The word nephrology comes from the word nephros, the Greek word for kidney. Nephrology involves the diagnosis and management of diseases of the kidneys, the contiguous collecting system, and the associated vasculature.
The commonly encountered conditions in nephrology include disorders of fluid, electrolyte, and acid-base balance. Other problems include disorders involving the glomerulus, asymptomatic urine abnormalities, tubulointerstitial disorders, renal vascular diseases, renal failure, nephrolithiasis, tubular defects, and infections and neoplasms of the kidney, collecting system, and bladder. The nephrologist must understand how systemic diseases affect the kidneys, and recognize the potential toxicities of various therapeutic and diagnostic agents.
Important procedural skills for the nephrologist include peritoneal dialysis, percutaneous kidney biopsy, and temporary placement of vascular access for hemodialysis. In addition, the nephrologist is expert at interpreting 24-hour urine excretion of minerals and electrolytes, serological tests for evaluating glomerulopathies, acid-base studies, and studies of sodium and water balance.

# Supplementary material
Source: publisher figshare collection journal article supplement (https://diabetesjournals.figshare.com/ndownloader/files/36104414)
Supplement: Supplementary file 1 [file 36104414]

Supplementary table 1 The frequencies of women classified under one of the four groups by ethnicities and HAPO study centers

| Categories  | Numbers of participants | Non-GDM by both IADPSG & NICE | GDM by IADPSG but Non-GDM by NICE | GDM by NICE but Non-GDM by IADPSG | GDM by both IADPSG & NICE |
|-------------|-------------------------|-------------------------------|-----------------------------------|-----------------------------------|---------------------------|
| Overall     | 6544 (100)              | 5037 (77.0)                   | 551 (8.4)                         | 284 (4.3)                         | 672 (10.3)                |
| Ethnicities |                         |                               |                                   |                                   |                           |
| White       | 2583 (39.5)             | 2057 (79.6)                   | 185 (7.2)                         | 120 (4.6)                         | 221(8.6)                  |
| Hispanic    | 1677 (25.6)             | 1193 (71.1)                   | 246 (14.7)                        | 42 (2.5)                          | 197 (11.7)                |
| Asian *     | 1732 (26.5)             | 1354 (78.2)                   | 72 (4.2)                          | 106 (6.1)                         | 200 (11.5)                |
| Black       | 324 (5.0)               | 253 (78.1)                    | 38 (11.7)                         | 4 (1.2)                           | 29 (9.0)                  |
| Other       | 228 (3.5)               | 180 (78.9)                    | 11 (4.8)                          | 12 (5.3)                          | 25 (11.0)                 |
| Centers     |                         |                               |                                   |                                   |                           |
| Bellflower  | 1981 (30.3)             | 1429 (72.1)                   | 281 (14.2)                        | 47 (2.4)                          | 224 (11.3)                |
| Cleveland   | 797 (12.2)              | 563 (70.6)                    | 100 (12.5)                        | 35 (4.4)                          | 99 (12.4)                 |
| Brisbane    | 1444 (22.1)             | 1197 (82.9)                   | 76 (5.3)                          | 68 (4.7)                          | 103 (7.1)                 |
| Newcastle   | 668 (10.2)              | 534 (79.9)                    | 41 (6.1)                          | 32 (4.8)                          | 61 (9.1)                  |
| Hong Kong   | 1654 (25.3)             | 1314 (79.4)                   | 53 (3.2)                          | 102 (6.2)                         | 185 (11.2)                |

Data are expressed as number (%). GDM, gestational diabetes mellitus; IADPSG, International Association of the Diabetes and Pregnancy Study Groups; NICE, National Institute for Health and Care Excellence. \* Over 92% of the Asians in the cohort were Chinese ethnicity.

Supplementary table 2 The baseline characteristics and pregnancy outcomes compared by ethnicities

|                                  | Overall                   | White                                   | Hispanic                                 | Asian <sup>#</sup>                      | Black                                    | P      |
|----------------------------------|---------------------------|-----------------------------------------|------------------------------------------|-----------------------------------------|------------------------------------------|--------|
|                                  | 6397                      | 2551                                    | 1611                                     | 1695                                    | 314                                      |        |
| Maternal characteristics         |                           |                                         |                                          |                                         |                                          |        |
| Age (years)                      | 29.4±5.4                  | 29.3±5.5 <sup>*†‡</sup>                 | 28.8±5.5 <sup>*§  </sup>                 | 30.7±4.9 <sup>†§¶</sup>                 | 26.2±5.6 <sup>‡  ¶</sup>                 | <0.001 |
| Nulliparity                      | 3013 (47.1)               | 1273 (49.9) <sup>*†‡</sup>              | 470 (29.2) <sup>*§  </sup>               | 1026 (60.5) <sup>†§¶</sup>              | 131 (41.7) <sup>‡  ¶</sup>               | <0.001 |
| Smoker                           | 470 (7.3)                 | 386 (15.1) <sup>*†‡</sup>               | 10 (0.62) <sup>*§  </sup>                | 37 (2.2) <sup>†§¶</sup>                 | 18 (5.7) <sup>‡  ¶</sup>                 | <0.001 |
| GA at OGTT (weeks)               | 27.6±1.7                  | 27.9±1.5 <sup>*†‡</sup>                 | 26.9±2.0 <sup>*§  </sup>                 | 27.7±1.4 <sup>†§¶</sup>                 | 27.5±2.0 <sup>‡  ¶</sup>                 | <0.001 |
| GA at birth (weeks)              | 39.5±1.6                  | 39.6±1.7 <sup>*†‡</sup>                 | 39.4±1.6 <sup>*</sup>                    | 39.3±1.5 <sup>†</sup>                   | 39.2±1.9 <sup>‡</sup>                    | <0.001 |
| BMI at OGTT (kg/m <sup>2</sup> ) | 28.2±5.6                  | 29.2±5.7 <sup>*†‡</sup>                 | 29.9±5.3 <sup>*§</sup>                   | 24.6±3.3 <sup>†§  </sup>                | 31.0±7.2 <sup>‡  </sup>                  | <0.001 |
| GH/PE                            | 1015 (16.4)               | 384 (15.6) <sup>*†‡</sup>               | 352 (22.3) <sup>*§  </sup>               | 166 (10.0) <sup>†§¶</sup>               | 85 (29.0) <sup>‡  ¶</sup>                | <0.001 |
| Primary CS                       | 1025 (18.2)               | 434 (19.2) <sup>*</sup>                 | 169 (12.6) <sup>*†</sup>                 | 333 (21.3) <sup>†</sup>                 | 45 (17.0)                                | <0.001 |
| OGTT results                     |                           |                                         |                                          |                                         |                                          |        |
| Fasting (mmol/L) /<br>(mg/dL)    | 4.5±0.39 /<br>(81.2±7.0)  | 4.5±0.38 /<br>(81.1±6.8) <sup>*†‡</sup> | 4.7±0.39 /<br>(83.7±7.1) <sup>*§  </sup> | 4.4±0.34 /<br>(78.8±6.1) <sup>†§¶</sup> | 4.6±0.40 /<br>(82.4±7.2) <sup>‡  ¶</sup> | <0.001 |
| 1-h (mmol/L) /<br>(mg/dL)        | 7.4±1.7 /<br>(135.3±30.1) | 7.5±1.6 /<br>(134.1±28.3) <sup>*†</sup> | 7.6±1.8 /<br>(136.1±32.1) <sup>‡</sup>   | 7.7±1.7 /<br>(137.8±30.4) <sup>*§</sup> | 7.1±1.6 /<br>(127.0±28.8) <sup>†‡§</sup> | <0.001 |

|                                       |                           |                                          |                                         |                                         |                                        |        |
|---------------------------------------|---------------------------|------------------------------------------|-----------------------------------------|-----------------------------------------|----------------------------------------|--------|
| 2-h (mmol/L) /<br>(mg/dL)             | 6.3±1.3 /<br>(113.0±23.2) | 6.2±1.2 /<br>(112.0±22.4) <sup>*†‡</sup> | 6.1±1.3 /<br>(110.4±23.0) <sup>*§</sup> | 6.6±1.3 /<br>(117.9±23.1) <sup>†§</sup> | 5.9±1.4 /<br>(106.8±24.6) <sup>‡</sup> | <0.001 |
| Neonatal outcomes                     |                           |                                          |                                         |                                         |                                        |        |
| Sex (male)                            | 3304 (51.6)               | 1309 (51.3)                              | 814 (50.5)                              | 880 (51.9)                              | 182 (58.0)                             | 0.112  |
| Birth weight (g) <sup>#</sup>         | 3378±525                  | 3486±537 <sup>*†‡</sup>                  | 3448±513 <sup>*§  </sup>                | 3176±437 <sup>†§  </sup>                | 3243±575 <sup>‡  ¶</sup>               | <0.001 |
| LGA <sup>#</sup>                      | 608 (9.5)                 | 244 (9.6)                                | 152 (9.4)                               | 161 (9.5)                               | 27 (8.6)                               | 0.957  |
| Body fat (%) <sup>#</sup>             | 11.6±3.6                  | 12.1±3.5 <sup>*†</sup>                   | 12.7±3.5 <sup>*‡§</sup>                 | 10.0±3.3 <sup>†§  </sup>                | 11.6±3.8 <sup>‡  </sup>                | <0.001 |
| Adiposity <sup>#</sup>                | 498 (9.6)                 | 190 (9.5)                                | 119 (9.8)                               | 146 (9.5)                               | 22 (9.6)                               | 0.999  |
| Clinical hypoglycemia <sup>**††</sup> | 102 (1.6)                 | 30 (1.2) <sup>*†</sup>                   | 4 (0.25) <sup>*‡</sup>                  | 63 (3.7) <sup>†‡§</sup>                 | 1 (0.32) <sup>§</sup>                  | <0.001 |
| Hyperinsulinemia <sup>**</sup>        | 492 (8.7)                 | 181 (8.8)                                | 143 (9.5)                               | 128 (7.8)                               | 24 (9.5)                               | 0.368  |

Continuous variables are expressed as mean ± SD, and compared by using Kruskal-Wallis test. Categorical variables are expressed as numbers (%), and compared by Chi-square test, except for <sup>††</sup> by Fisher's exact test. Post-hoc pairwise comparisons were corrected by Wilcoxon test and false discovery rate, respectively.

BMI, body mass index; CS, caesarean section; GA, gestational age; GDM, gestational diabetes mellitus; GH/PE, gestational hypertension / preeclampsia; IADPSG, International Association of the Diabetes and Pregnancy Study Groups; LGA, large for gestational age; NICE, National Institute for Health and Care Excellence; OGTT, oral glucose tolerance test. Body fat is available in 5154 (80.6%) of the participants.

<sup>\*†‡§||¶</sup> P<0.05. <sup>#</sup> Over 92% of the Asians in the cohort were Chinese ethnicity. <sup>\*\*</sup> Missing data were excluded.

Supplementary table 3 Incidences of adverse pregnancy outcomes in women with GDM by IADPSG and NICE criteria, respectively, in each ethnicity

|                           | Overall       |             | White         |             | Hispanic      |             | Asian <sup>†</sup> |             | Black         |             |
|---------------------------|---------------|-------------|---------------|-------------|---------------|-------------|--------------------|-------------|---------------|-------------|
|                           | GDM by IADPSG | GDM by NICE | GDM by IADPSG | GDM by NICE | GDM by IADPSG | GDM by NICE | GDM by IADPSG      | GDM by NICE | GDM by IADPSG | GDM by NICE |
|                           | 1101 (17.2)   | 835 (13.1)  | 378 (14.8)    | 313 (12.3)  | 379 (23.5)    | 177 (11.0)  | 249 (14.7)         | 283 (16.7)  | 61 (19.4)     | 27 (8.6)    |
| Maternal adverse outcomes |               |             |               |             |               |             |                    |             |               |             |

Nephrology fellowship training requires two years of accredited training beyond general internal medicine residency. Of the two years, a minimum of 12 months must include clinical training in the diagnosis and management of a broad spectrum of renal diseases.
The American Board of Internal Medicine, ABIM, offers certification in nephrology.
For the 2015-2016 academic year, there were 147 Accreditation Council for Graduate Medical Education (ACGME)-accredited training programs in Nephrology with 886 active positions.
Major Professional Societies
- American Journal of Kidney Diseases
- Journal of the American Society of Nephrology
- Kidney International
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